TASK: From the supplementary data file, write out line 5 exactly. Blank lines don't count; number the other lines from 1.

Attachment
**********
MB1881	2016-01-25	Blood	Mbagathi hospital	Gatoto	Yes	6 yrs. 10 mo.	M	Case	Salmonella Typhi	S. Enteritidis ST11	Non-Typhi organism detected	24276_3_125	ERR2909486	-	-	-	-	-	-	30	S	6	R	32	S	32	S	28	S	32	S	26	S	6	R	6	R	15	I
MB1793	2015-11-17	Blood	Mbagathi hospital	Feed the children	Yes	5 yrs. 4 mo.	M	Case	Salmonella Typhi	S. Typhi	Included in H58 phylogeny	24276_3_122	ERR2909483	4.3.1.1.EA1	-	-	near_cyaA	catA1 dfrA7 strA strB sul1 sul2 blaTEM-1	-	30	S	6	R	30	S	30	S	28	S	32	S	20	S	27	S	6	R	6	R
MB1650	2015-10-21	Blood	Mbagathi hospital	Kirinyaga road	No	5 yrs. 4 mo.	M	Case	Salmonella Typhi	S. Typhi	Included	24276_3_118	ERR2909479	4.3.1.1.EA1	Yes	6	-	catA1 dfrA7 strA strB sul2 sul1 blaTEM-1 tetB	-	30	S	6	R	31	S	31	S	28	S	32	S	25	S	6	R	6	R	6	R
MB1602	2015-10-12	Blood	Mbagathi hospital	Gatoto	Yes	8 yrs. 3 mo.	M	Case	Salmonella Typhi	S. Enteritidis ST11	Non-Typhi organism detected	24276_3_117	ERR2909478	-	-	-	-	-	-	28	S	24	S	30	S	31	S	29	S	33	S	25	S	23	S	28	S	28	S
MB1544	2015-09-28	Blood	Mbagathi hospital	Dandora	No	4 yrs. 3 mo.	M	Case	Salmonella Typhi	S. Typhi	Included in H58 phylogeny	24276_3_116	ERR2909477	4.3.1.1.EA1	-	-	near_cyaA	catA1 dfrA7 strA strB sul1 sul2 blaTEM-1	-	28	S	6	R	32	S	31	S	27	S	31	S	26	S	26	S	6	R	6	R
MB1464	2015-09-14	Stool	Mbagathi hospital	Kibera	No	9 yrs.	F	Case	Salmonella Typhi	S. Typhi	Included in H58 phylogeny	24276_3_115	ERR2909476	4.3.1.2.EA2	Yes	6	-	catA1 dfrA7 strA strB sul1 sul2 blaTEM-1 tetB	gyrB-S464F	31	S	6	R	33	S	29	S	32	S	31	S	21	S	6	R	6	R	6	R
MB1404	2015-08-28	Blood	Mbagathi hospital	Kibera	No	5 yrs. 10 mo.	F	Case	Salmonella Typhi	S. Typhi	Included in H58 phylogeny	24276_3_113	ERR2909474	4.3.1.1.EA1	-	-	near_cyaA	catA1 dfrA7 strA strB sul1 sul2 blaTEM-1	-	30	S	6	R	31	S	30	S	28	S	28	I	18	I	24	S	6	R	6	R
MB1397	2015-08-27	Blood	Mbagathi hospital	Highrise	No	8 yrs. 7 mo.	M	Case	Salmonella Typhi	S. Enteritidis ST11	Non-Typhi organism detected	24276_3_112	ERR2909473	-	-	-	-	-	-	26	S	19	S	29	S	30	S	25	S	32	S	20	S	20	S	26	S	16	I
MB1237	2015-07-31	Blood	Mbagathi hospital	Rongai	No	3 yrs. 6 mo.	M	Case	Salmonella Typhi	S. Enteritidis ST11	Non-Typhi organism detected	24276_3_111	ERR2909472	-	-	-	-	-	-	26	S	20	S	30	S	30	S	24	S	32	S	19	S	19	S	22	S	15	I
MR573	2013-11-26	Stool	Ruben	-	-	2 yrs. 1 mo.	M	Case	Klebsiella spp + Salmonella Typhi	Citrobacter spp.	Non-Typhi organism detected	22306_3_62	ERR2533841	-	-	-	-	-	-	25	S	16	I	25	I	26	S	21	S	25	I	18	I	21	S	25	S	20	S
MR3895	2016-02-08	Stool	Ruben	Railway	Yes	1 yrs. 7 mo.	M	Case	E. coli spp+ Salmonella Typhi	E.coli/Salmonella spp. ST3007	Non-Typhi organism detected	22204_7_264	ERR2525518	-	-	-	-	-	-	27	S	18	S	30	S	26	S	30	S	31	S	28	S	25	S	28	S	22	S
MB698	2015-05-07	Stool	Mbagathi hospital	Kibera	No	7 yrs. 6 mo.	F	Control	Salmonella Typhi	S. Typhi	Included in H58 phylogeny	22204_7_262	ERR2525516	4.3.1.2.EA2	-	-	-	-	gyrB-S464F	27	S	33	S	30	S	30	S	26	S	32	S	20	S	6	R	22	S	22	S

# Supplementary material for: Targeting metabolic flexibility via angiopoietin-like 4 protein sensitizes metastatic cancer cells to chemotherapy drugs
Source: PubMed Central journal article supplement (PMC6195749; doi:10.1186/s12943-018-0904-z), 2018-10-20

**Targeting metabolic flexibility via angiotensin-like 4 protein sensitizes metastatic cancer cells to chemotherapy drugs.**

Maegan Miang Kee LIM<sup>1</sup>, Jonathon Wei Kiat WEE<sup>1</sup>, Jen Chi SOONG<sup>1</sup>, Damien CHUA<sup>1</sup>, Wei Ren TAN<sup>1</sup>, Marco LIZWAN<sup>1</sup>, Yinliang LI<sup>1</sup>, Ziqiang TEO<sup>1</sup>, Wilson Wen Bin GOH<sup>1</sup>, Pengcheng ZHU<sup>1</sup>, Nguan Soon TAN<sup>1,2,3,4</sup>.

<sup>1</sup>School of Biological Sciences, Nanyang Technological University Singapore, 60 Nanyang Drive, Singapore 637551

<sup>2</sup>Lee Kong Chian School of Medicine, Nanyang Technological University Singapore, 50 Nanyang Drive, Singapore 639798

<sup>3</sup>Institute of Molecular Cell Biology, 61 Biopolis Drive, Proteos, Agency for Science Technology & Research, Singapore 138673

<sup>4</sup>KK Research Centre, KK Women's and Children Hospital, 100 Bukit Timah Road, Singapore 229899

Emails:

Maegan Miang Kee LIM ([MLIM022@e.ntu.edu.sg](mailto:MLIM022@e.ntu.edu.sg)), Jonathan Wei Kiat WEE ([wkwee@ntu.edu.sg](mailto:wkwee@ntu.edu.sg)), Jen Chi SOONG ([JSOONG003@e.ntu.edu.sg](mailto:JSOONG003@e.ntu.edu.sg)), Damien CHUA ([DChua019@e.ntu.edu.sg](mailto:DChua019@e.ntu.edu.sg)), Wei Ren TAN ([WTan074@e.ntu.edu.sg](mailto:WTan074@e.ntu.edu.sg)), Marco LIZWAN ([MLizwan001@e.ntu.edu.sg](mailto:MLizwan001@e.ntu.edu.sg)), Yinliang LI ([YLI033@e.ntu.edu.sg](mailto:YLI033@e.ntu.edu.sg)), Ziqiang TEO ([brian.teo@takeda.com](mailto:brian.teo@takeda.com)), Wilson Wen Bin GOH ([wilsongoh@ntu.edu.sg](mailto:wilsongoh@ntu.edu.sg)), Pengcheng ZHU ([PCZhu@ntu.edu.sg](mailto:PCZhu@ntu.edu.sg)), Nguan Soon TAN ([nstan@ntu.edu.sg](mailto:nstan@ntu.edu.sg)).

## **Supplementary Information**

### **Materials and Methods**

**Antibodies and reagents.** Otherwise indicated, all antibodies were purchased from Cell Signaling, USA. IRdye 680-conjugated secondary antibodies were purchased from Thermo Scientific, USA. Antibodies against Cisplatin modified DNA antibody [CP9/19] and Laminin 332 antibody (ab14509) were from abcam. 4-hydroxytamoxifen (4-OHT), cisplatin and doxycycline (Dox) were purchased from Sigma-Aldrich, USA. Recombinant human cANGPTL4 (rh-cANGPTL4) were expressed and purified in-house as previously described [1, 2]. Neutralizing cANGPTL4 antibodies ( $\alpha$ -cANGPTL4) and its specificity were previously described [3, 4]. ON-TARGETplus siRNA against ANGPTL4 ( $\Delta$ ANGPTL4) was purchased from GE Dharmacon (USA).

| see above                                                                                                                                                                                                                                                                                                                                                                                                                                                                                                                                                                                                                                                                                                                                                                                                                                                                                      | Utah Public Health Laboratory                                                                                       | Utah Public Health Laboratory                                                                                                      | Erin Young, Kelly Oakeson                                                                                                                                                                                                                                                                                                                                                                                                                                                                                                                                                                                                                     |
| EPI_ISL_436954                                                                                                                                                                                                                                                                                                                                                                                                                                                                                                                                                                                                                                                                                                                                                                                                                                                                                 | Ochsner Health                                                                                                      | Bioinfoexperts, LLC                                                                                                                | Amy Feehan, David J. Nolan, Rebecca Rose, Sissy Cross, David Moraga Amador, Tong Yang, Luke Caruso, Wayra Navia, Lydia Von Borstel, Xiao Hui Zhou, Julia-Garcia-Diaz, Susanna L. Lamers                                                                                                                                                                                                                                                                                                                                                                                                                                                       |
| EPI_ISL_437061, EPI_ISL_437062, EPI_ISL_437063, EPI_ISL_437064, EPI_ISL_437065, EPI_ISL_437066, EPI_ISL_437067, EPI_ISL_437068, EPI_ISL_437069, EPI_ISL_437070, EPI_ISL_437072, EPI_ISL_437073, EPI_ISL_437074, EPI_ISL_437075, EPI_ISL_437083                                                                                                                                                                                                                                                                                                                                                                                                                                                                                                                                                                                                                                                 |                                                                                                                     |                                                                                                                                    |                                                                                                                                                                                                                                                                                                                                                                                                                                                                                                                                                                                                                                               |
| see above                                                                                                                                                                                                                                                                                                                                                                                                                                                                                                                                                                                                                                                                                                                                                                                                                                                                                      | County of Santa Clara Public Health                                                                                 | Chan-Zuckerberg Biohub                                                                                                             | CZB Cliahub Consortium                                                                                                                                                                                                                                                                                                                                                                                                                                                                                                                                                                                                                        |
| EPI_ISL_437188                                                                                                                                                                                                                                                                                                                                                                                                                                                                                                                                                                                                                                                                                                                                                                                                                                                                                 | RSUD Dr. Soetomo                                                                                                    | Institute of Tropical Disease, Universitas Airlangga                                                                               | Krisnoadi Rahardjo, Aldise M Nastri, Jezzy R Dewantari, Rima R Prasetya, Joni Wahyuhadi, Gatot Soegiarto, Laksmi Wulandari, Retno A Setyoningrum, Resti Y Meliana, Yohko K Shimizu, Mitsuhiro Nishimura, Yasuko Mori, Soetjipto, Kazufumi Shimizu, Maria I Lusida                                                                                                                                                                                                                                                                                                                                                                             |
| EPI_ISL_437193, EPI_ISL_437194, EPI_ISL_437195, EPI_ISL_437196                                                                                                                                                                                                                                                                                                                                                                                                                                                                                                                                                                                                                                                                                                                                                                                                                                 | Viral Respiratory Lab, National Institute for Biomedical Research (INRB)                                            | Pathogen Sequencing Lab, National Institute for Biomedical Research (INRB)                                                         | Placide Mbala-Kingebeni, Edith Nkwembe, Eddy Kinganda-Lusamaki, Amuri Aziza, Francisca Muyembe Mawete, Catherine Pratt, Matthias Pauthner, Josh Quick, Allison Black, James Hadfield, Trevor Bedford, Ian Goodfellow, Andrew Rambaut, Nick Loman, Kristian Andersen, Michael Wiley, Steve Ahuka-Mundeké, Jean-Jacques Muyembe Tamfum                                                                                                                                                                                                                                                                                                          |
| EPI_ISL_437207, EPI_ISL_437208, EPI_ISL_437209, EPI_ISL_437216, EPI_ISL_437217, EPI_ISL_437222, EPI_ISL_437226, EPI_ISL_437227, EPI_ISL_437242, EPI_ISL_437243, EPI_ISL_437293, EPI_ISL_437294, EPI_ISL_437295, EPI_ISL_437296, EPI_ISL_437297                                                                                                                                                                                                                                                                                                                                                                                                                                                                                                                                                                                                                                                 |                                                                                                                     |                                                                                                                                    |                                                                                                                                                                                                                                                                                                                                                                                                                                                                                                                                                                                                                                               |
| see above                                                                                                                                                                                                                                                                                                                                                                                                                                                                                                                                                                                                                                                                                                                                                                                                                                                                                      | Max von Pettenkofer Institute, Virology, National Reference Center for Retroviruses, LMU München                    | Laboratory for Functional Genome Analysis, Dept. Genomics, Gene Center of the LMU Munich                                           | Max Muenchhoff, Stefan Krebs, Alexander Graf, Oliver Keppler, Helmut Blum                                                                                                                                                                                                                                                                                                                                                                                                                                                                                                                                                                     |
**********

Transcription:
MB1544	2015-09-28	Blood	Mbagathi hospital	Dandora	No	4 yrs. 3 mo.	M	Case	Salmonella Typhi	S. Typhi	Included in H58 phylogeny	24276_3_116	ERR2909477	4.3.1.1.EA1	-	-	near_cyaA	catA1 dfrA7 strA strB sul1 sul2 blaTEM-1	-	28	S	6	R	32	S	31	S	27	S	31	S	26	S	26	S	6	R	6	R